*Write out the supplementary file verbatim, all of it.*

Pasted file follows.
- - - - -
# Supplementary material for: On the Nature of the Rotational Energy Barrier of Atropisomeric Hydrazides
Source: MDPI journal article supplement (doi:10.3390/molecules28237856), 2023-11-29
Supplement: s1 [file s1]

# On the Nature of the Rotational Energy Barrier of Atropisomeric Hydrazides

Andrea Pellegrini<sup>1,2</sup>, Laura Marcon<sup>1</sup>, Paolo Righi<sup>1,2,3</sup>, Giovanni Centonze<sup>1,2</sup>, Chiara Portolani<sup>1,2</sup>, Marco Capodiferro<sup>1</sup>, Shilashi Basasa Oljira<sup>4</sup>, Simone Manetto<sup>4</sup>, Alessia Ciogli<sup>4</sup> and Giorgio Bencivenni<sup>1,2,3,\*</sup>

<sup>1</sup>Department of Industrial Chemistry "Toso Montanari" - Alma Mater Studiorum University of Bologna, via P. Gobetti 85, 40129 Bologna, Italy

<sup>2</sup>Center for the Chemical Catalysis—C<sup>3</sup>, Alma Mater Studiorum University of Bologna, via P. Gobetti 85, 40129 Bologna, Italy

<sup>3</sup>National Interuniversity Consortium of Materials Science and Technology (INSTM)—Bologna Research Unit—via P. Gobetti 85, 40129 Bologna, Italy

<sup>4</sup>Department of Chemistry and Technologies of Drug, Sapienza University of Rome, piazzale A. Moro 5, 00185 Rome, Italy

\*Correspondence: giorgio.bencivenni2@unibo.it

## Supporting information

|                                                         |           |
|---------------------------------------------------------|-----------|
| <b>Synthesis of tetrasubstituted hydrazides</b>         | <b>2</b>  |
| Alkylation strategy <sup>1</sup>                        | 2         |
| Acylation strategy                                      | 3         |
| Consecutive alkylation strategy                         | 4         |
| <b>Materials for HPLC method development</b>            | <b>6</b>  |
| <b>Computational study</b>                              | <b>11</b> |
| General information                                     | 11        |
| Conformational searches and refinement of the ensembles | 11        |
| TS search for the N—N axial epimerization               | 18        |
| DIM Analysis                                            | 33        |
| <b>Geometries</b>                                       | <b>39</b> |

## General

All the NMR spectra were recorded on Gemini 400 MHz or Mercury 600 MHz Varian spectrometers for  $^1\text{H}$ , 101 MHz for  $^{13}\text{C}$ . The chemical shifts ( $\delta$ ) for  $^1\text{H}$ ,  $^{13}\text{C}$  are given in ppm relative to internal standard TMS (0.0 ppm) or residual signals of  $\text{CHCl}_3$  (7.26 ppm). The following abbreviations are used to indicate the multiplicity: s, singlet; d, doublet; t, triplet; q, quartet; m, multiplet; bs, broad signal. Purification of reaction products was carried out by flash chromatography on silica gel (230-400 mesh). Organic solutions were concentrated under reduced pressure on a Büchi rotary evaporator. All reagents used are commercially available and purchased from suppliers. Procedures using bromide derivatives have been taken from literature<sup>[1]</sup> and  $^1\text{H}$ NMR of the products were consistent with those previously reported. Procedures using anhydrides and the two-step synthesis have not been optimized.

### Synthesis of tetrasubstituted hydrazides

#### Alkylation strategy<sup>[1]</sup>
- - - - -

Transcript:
# Supplementary material for: On the Nature of the Rotational Energy Barrier of Atropisomeric Hydrazides
Source: MDPI journal article supplement (doi:10.3390/molecules28237856), 2023-11-29
Supplement: s1 [file s1]

# On the Nature of the Rotational Energy Barrier of Atropisomeric Hydrazides

Andrea Pellegrini<sup>1,2</sup>, Laura Marcon<sup>1</sup>, Paolo Righi<sup>1,2,3</sup>, Giovanni Centonze<sup>1,2</sup>, Chiara Portolani<sup>1,2</sup>, Marco Capodiferro<sup>1</sup>, Shilashi Basasa Oljira<sup>4</sup>, Simone Manetto<sup>4</sup>, Alessia Ciogli<sup>4</sup> and Giorgio Bencivenni<sup>1,2,3,\*</sup>

<sup>1</sup>Department of Industrial Chemistry "Toso Montanari" - Alma Mater Studiorum University of Bologna, via P. Gobetti 85, 40129 Bologna, Italy

<sup>2</sup>Center for the Chemical Catalysis—C<sup>3</sup>, Alma Mater Studiorum University of Bologna, via P. Gobetti 85, 40129 Bologna, Italy

<sup>3</sup>National Interuniversity Consortium of Materials Science and Technology (INSTM)—Bologna Research Unit—via P. Gobetti 85, 40129 Bologna, Italy

<sup>4</sup>Department of Chemistry and Technologies of Drug, Sapienza University of Rome, piazzale A. Moro 5, 00185 Rome, Italy

\*Correspondence: giorgio.bencivenni2@unibo.it

## Supporting information

|                                                         |           |
|---------------------------------------------------------|-----------|
| <b>Synthesis of tetrasubstituted hydrazides</b>         | <b>2</b>  |
| Alkylation strategy <sup>1</sup>                        | 2         |
| Acylation strategy                                      | 3         |
| Consecutive alkylation strategy                         | 4         |
| <b>Materials for HPLC method development</b>            | <b>6</b>  |
| <b>Computational study</b>                              | <b>11</b> |
| General information                                     | 11        |
| Conformational searches and refinement of the ensembles | 11        |
| TS search for the N—N axial epimerization               | 18        |
| DIM Analysis                                            | 33        |
| <b>Geometries</b>                                       | <b>39</b> |

## General

All the NMR spectra were recorded on Gemini 400 MHz or Mercury 600 MHz Varian spectrometers for  $^1\text{H}$ , 101 MHz for  $^{13}\text{C}$ . The chemical shifts ( $\delta$ ) for  $^1\text{H}$ ,  $^{13}\text{C}$  are given in ppm relative to internal standard TMS (0.0 ppm) or residual signals of  $\text{CHCl}_3$  (7.26 ppm). The following abbreviations are used to indicate the multiplicity: s, singlet; d, doublet; t, triplet; q, quartet; m, multiplet; bs, broad signal. Purification of reaction products was carried out by flash chromatography on silica gel (230-400 mesh). Organic solutions were concentrated under reduced pressure on a Büchi rotary evaporator. All reagents used are commercially available and purchased from suppliers. Procedures using bromide derivatives have been taken from literature<sup>[1]</sup> and  $^1\text{H}$ NMR of the products were consistent with those previously reported. Procedures using anhydrides and the two-step synthesis have not been optimized.

### Synthesis of tetrasubstituted hydrazides

#### Alkylation strategy<sup>[1]</sup>